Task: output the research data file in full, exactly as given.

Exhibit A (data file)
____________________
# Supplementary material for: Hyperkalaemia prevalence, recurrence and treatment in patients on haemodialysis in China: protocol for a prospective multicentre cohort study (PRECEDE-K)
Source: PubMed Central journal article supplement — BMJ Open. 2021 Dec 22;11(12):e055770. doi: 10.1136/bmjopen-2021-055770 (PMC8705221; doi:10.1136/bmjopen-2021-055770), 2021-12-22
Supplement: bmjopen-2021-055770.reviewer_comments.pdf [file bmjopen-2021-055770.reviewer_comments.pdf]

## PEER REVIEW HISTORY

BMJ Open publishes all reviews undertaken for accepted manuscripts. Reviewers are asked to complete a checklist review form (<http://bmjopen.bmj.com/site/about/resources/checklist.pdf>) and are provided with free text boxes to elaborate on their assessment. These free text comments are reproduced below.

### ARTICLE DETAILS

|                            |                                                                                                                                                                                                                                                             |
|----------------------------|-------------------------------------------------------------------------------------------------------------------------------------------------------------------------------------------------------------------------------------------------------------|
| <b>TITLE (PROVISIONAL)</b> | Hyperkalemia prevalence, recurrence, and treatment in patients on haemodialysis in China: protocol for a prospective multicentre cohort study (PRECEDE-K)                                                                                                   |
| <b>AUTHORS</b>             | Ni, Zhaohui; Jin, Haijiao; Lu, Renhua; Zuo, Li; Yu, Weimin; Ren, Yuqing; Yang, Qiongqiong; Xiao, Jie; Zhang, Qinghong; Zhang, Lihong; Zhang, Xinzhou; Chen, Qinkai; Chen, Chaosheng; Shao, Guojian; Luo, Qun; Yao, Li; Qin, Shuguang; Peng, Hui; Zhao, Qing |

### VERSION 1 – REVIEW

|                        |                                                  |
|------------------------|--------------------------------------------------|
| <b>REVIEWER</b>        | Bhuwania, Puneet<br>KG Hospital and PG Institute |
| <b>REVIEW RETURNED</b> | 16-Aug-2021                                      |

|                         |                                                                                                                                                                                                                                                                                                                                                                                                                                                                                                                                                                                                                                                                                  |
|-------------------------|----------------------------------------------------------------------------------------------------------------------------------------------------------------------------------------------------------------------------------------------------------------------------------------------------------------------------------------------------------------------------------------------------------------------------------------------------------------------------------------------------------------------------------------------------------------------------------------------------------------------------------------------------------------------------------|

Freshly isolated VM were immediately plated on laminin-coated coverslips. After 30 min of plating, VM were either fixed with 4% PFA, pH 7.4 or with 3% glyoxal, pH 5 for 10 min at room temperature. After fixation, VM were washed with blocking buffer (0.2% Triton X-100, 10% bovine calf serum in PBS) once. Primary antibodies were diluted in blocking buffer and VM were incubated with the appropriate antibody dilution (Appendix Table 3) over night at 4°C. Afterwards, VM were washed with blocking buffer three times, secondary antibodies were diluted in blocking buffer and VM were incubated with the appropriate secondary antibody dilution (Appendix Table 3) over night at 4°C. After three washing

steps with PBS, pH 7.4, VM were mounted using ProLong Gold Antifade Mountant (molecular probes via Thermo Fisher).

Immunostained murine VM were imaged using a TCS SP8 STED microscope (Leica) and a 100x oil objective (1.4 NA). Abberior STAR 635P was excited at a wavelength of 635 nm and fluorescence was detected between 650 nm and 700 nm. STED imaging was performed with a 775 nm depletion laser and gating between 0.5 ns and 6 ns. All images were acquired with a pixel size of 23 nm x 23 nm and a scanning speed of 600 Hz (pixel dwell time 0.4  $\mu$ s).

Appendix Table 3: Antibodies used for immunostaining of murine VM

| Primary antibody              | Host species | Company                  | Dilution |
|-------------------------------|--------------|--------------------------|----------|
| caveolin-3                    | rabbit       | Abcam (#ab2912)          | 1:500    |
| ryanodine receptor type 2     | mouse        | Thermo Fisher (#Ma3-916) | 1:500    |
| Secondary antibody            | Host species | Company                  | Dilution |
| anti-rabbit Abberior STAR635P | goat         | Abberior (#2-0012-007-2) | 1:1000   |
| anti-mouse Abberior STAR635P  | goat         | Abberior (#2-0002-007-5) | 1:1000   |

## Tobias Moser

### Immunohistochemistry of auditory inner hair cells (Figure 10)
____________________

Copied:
# Supplementary material for: Hyperkalaemia prevalence, recurrence and treatment in patients on haemodialysis in China: protocol for a prospective multicentre cohort study (PRECEDE-K)
Source: PubMed Central journal article supplement — BMJ Open. 2021 Dec 22;11(12):e055770. doi: 10.1136/bmjopen-2021-055770 (PMC8705221; doi:10.1136/bmjopen-2021-055770), 2021-12-22
Supplement: bmjopen-2021-055770.reviewer_comments.pdf [file bmjopen-2021-055770.reviewer_comments.pdf]

## PEER REVIEW HISTORY

BMJ Open publishes all reviews undertaken for accepted manuscripts. Reviewers are asked to complete a checklist review form (<http://bmjopen.bmj.com/site/about/resources/checklist.pdf>) and are provided with free text boxes to elaborate on their assessment. These free text comments are reproduced below.

### ARTICLE DETAILS

|                            |                                                                                                                                                                                                                                                             |
|----------------------------|-------------------------------------------------------------------------------------------------------------------------------------------------------------------------------------------------------------------------------------------------------------|
| <b>TITLE (PROVISIONAL)</b> | Hyperkalemia prevalence, recurrence, and treatment in patients on haemodialysis in China: protocol for a prospective multicentre cohort study (PRECEDE-K)                                                                                                   |
| <b>AUTHORS</b>             | Ni, Zhaohui; Jin, Haijiao; Lu, Renhua; Zuo, Li; Yu, Weimin; Ren, Yuqing; Yang, Qiongqiong; Xiao, Jie; Zhang, Qinghong; Zhang, Lihong; Zhang, Xinzhou; Chen, Qinkai; Chen, Chaosheng; Shao, Guojian; Luo, Qun; Yao, Li; Qin, Shuguang; Peng, Hui; Zhao, Qing |

### VERSION 1 – REVIEW

|                        |                                                  |
|------------------------|--------------------------------------------------|
| <b>REVIEWER</b>        | Bhuwania, Puneet<br>KG Hospital and PG Institute |
| <b>REVIEW RETURNED</b> | 16-Aug-2021                                      |

|                         |                                                                                                                                                                                                                                                                                                                                                                                                                                                                                                                                                                                                                                                                                  |
|-------------------------|----------------------------------------------------------------------------------------------------------------------------------------------------------------------------------------------------------------------------------------------------------------------------------------------------------------------------------------------------------------------------------------------------------------------------------------------------------------------------------------------------------------------------------------------------------------------------------------------------------------------------------------------------------------------------------|

Freshly isolated VM were immediately plated on laminin-coated coverslips. After 30 min of plating, VM were either fixed with 4% PFA, pH 7.4 or with 3% glyoxal, pH 5 for 10 min at room temperature. After fixation, VM were washed with blocking buffer (0.2% Triton X-100, 10% bovine calf serum in PBS) once. Primary antibodies were diluted in blocking buffer and VM were incubated with the appropriate antibody dilution (Appendix Table 3) over night at 4°C. Afterwards, VM were washed with blocking buffer three times, secondary antibodies were diluted in blocking buffer and VM were incubated with the appropriate secondary antibody dilution (Appendix Table 3) over night at 4°C. After three washing

steps with PBS, pH 7.4, VM were mounted using ProLong Gold Antifade Mountant (molecular probes via Thermo Fisher).

Immunostained murine VM were imaged using a TCS SP8 STED microscope (Leica) and a 100x oil objective (1.4 NA). Abberior STAR 635P was excited at a wavelength of 635 nm and fluorescence was detected between 650 nm and 700 nm. STED imaging was performed with a 775 nm depletion laser and gating between 0.5 ns and 6 ns. All images were acquired with a pixel size of 23 nm x 23 nm and a scanning speed of 600 Hz (pixel dwell time 0.4  $\mu$ s).

Appendix Table 3: Antibodies used for immunostaining of murine VM

| Primary antibody              | Host species | Company                  | Dilution |
|-------------------------------|--------------|--------------------------|----------|
| caveolin-3                    | rabbit       | Abcam (#ab2912)          | 1:500    |
| ryanodine receptor type 2     | mouse        | Thermo Fisher (#Ma3-916) | 1:500    |
| Secondary antibody            | Host species | Company                  | Dilution |
| anti-rabbit Abberior STAR635P | goat         | Abberior (#2-0012-007-2) | 1:1000   |
| anti-mouse Abberior STAR635P  | goat         | Abberior (#2-0002-007-5) | 1:1000   |

## Tobias Moser

### Immunohistochemistry of auditory inner hair cells (Figure 10)